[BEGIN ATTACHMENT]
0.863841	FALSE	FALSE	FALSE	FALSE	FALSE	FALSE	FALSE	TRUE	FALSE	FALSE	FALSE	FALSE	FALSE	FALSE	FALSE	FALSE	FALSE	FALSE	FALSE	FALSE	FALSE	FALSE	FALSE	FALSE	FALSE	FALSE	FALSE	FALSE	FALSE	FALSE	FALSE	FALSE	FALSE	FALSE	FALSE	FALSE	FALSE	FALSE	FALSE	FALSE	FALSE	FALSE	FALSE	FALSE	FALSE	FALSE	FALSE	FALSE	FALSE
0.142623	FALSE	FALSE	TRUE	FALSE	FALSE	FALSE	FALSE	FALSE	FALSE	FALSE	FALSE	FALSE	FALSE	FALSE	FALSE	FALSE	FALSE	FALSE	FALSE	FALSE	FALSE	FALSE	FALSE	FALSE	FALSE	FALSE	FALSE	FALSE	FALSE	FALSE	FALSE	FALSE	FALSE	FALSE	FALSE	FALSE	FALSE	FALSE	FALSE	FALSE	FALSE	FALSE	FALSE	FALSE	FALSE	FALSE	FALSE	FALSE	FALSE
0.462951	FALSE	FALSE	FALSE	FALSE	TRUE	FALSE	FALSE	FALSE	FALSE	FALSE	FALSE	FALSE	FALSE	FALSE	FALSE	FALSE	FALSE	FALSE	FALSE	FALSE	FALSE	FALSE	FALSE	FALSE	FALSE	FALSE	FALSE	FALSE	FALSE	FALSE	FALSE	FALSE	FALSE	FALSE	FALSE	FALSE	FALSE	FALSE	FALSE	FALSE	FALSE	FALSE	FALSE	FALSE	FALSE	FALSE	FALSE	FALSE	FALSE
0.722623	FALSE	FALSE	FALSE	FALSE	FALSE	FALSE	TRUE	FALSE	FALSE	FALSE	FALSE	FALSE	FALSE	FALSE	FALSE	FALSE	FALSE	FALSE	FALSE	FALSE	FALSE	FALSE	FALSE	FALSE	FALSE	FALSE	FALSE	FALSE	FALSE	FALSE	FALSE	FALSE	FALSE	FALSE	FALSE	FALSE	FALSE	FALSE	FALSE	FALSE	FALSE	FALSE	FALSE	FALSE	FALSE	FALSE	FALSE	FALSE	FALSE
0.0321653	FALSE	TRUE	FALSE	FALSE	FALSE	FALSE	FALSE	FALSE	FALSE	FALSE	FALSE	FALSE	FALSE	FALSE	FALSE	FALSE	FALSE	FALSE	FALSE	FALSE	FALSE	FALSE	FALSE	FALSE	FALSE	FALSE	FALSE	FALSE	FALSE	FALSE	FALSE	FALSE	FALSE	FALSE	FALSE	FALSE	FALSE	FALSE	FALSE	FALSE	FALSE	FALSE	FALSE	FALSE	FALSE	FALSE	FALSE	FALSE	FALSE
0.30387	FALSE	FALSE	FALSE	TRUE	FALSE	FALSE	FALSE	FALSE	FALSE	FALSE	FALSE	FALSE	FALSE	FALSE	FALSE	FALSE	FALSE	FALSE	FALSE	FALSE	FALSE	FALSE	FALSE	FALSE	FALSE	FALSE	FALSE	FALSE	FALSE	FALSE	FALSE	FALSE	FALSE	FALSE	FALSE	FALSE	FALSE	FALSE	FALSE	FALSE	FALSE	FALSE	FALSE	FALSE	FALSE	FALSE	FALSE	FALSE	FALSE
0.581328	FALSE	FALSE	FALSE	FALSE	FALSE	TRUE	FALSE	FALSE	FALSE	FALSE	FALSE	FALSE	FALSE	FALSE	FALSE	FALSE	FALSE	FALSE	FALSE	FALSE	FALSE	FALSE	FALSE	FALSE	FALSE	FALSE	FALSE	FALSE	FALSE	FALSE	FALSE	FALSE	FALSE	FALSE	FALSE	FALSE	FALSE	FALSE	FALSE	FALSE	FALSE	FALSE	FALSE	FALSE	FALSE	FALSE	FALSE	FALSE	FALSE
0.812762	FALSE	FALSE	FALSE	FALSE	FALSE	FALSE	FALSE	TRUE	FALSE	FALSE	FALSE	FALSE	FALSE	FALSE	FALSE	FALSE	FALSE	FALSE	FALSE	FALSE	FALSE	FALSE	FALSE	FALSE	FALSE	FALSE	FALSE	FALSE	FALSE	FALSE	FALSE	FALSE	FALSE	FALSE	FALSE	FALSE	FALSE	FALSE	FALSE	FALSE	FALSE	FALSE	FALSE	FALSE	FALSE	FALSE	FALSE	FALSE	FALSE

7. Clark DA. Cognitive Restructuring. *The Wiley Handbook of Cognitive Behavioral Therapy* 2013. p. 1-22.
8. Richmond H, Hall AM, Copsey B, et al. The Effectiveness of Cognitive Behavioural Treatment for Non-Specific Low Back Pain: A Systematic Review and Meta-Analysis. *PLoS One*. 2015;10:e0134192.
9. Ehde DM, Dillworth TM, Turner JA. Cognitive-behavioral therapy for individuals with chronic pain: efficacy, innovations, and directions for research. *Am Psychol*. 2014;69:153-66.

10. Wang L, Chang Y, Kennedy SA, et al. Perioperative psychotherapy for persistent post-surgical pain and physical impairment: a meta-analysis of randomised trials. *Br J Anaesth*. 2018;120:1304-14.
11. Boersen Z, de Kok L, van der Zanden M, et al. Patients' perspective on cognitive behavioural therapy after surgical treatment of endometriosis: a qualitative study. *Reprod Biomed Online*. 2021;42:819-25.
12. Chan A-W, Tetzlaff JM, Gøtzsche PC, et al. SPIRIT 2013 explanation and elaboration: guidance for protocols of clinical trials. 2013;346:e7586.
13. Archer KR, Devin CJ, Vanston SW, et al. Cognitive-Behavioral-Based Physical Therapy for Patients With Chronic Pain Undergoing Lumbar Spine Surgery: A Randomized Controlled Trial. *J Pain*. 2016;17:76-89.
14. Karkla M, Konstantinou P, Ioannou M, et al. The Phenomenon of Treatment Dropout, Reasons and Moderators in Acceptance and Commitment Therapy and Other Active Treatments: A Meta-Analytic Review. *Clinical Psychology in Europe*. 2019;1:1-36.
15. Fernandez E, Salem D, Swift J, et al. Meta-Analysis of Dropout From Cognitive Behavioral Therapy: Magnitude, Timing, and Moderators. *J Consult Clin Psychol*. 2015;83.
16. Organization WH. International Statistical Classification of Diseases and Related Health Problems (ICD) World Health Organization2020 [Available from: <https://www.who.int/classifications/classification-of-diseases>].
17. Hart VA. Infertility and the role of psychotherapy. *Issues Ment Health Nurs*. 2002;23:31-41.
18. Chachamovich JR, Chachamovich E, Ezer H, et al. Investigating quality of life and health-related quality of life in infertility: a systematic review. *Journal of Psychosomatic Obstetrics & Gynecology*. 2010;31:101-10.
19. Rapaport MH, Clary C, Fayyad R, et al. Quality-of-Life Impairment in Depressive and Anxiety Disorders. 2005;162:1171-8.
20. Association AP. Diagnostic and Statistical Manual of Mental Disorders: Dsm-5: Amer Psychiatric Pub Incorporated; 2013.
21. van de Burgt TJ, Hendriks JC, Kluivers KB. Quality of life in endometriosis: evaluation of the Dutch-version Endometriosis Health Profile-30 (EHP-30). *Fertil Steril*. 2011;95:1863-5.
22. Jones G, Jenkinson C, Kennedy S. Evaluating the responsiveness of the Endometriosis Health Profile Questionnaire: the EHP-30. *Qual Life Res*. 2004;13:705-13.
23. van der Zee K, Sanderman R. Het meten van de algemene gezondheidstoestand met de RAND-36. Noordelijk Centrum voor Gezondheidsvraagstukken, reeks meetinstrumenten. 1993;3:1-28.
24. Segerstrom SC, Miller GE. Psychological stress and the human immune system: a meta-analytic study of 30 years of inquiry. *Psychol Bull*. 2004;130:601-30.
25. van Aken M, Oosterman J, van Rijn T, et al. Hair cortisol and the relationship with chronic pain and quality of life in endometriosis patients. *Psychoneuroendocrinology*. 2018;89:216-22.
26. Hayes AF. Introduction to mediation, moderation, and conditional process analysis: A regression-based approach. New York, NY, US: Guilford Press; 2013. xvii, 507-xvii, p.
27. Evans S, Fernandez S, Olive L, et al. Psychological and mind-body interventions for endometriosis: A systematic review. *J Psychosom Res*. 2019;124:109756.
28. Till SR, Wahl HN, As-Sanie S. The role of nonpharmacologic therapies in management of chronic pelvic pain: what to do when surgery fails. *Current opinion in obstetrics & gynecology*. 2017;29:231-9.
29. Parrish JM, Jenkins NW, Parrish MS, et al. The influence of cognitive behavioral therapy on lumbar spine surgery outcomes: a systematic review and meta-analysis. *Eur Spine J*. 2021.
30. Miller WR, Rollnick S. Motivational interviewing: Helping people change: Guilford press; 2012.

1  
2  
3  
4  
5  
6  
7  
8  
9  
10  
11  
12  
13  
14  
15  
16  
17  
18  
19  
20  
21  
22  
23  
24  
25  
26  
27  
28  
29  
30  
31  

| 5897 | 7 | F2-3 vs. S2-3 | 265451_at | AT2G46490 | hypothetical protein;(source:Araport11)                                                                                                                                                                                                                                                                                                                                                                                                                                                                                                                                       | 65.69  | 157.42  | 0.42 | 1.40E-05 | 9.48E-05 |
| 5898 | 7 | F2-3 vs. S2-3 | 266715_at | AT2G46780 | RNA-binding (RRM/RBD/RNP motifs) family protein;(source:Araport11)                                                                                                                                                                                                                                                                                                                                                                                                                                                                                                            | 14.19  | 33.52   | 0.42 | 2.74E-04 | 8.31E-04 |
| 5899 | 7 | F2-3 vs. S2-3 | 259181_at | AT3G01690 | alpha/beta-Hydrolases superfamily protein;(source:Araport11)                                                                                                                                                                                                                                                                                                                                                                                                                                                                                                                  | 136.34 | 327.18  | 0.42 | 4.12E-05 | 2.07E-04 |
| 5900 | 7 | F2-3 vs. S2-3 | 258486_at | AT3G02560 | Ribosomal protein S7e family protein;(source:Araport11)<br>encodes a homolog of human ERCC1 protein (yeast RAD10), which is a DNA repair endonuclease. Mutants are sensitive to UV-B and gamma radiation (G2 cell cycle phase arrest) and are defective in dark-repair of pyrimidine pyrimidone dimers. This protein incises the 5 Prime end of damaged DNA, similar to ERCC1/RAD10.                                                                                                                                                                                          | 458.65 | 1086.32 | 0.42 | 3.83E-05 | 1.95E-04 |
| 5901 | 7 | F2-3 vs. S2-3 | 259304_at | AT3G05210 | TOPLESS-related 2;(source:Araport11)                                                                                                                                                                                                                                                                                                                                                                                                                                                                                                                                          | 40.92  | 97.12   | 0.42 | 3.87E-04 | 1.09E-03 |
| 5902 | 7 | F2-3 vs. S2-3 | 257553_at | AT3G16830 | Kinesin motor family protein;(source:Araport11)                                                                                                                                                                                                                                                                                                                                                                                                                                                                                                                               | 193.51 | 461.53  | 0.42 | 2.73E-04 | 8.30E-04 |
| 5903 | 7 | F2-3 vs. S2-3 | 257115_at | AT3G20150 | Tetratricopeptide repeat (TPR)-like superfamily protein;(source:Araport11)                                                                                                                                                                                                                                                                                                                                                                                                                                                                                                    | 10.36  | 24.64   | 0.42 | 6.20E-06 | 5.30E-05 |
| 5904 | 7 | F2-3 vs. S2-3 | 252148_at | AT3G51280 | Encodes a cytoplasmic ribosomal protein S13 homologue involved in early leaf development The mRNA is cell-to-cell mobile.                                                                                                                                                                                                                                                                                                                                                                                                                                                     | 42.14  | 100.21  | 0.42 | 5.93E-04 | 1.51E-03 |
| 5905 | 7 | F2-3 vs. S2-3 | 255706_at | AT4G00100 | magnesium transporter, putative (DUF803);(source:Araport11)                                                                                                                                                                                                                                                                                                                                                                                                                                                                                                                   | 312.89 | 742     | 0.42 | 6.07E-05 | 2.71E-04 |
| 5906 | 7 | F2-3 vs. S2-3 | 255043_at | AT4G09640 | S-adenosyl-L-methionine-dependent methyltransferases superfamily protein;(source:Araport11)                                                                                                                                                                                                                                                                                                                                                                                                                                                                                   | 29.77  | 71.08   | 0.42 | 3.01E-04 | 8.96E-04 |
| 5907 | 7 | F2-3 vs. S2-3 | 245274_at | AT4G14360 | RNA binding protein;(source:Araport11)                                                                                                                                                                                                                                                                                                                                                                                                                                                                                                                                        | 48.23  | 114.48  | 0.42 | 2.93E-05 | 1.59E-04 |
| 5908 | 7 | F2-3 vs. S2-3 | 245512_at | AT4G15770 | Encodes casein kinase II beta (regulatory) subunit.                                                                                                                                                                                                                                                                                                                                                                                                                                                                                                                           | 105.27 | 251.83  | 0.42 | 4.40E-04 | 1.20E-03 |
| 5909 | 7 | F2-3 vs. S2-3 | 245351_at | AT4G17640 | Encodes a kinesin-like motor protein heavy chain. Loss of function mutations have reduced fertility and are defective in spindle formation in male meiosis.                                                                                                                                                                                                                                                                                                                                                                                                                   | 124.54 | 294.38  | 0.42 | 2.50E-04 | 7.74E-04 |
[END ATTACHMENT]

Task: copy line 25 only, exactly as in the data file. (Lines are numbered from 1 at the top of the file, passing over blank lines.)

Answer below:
23. van der Zee K, Sanderman R. Het meten van de algemene gezondheidstoestand met de RAND-36. Noordelijk Centrum voor Gezondheidsvraagstukken, reeks meetinstrumenten. 1993;3:1-28.